DSL (or xDSL, an umbrella term for the several types of DSL technology available) stands for Digital Subscriber Line (originally Digital Subscriber Loop). The term refers to a set of networking technologies that provide digital data transmission over local network telephone wires.
It comes in several variants, such as
- Asymmetric Digital Subscriber Line (ADSL),
- Symmetric DSL (SDSL),
- Rate-Adaptive DSL (RADSL),
- Powerline DSL (PDSL),
- High data rate DSL (HDSL), and
- Very high speed DSL (VDSL).
It can transmit and receive data at speeds ranging from 256 kbps to 24,000 kbps.
DSL typically works by using two primary bands, a high frequency band (25 kHz and above) which carries Internet Service Provider (ISP) data, and a low frequency band (4 kHz and below) which carries voice data, to divide the frequencies used in a single telephone line.
A DSL modem is required to convert data from digital signals used by computers into a voltage signal of an appropriate frequency rage that is applied to the telephone line. Also, each telephone should normally have a DSL filter installed on it to filter out the high frequencies.
It was initially implemented as part of the Integrated Services Digital Network (ISDN) specification, later reused as the ISDN Digital Subscriber Line (IDSL). The original DSL design, ADSL, was developed by Joe Lechleider at Bellcore/Telcordia Technologies in 1988.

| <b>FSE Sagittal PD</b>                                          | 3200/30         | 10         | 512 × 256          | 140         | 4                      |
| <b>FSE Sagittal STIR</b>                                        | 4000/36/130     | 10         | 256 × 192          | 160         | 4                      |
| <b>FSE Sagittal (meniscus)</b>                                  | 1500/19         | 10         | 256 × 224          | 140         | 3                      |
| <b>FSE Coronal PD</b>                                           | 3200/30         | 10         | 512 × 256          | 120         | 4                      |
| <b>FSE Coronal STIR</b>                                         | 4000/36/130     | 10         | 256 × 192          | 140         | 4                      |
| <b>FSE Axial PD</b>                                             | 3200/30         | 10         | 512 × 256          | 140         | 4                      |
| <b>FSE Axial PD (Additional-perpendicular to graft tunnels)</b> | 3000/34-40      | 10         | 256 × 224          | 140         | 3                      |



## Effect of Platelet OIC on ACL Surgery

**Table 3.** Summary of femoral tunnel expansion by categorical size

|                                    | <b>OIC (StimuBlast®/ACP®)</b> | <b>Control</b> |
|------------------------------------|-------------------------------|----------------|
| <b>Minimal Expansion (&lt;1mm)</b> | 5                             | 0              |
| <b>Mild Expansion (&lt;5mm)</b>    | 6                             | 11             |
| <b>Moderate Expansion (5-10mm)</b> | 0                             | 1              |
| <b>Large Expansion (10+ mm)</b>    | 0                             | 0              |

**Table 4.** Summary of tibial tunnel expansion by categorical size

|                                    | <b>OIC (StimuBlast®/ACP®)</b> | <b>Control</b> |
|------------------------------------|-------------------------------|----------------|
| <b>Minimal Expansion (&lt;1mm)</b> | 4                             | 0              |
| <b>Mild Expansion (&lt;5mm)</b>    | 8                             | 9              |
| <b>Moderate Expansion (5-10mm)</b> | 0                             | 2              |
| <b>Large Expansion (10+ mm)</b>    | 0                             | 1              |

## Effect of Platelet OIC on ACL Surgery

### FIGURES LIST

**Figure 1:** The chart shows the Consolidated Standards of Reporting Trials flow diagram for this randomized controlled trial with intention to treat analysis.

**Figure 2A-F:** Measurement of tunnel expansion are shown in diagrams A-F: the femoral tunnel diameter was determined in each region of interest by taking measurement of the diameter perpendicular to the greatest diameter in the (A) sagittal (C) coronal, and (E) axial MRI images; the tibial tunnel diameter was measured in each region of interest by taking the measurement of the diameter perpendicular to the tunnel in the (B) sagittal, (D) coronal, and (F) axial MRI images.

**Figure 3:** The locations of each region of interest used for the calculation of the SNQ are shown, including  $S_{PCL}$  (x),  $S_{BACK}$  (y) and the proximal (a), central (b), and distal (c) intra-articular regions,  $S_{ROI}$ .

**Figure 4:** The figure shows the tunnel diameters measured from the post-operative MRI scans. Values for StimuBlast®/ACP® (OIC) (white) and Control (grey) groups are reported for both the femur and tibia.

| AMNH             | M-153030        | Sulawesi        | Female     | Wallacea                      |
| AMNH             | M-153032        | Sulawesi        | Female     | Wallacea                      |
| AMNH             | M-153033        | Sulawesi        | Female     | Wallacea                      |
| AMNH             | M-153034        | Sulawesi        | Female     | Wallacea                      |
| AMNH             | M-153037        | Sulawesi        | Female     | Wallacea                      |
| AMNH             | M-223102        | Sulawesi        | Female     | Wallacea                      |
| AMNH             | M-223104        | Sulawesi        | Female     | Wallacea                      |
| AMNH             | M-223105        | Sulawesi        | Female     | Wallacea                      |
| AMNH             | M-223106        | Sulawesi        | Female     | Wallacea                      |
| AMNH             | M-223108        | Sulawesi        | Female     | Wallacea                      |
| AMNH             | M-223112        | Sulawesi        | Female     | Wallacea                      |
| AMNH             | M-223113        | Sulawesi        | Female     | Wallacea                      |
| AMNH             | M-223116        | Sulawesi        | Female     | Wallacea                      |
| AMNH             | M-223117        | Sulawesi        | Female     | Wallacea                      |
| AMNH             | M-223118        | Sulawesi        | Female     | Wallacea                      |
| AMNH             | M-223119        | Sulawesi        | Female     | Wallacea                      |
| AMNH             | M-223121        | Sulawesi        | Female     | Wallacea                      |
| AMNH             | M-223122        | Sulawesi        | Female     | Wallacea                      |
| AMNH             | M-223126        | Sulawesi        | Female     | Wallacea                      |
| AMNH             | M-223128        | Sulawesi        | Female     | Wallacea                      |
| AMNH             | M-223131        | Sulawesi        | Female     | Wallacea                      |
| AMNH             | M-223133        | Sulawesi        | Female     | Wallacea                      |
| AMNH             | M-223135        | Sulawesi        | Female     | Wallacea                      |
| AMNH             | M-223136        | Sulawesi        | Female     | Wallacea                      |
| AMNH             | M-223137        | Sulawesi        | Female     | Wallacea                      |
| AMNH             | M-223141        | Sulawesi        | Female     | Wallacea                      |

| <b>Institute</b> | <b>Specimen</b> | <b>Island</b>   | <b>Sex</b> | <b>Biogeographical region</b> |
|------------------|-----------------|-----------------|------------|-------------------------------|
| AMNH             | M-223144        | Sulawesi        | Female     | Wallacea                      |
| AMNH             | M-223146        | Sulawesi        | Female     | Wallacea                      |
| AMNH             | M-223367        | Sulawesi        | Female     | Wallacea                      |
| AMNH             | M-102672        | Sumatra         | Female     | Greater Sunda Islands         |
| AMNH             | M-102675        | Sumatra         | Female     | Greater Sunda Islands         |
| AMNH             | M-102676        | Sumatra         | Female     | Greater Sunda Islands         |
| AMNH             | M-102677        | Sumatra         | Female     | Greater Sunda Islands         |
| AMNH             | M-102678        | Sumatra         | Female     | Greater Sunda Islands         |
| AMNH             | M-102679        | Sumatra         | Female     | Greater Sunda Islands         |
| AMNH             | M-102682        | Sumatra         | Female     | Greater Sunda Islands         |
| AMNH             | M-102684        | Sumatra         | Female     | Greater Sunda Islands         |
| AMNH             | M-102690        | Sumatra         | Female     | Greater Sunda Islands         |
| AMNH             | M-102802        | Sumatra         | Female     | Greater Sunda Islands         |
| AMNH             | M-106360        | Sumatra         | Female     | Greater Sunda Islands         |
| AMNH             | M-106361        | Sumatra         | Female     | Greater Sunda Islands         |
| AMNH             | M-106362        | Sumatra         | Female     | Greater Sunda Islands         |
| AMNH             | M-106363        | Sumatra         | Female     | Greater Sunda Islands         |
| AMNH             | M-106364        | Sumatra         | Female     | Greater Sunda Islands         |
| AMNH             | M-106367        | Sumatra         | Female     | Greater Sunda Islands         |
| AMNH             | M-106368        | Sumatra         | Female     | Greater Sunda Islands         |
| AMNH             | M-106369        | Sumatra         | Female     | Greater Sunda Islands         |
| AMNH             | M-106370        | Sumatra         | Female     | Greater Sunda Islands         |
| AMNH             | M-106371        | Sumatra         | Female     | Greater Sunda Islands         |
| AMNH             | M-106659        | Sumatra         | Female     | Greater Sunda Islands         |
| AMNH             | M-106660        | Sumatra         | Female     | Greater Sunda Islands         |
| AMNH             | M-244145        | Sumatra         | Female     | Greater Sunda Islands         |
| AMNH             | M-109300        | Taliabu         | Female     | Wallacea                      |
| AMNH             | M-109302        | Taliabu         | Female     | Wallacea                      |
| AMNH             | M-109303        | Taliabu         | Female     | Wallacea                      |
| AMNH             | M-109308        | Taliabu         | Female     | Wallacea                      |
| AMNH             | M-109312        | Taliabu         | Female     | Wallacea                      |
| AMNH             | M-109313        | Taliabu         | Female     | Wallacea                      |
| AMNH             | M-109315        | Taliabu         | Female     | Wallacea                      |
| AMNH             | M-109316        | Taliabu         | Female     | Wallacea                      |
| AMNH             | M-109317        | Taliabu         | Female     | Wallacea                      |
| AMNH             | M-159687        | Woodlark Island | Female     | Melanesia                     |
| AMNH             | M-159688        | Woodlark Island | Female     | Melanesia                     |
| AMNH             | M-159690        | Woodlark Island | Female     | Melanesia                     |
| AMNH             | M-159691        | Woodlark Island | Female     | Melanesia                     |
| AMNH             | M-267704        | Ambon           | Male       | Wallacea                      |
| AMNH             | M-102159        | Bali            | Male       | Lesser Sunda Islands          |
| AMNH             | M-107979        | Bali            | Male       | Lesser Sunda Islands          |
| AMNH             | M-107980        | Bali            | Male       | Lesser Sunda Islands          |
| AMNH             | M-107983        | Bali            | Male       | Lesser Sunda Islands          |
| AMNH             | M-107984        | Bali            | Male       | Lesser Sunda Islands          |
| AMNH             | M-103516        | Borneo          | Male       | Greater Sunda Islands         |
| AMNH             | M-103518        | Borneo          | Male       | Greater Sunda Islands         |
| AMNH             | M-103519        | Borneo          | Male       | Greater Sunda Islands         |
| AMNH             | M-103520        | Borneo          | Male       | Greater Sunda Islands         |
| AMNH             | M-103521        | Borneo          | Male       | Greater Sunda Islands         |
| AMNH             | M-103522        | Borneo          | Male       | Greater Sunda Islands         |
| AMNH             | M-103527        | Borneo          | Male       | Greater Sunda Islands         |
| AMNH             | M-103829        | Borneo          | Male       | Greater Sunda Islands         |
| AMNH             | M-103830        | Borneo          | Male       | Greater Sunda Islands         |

He placed wideband digital signals above the existing baseband analog voice signal that was transmitted between telephone company central offices and users that had the conventional twisted pair cabling as their medium. He also discovered that an asymmetric arrangement (faster downloading rate than uploading rate) provided more than twice the bandwidth capacity of SDSL, so Internet Service Providers are able to provide more efficient service to consumers, enabling them to download large amounts of data without needing to upload as much.
There are two modes of transport supported by ADSL: fast channel, which is the better option for streaming multimedia; and interleaved channel, which is the better option for file transfers.
DSL may use a variety of transmission methods, depending on the market, region, carrier, and equipment. These transmission methods are
- Carrierless Amplitude Phase Modulation (CAP),
- Discrete Multitone Modulation (DMT), and
- Orthogonal Frequency-Division Multiplexing (OFDM).
Older ADSL standards could transmit data at a rate of 8 Mbps over an estimate of 2 km of unshielded twisted pair (UTP) copper wire, while the latest standard, ADSL2+, is able to transmit data at up to 24 Mbps. This depends, however, on the distance of the user from the DSL access multiplexer (DSLAM), since distances greater than 2 km negatively affect the amount of usable bandwidth on the wires, effectively lowering the data rate.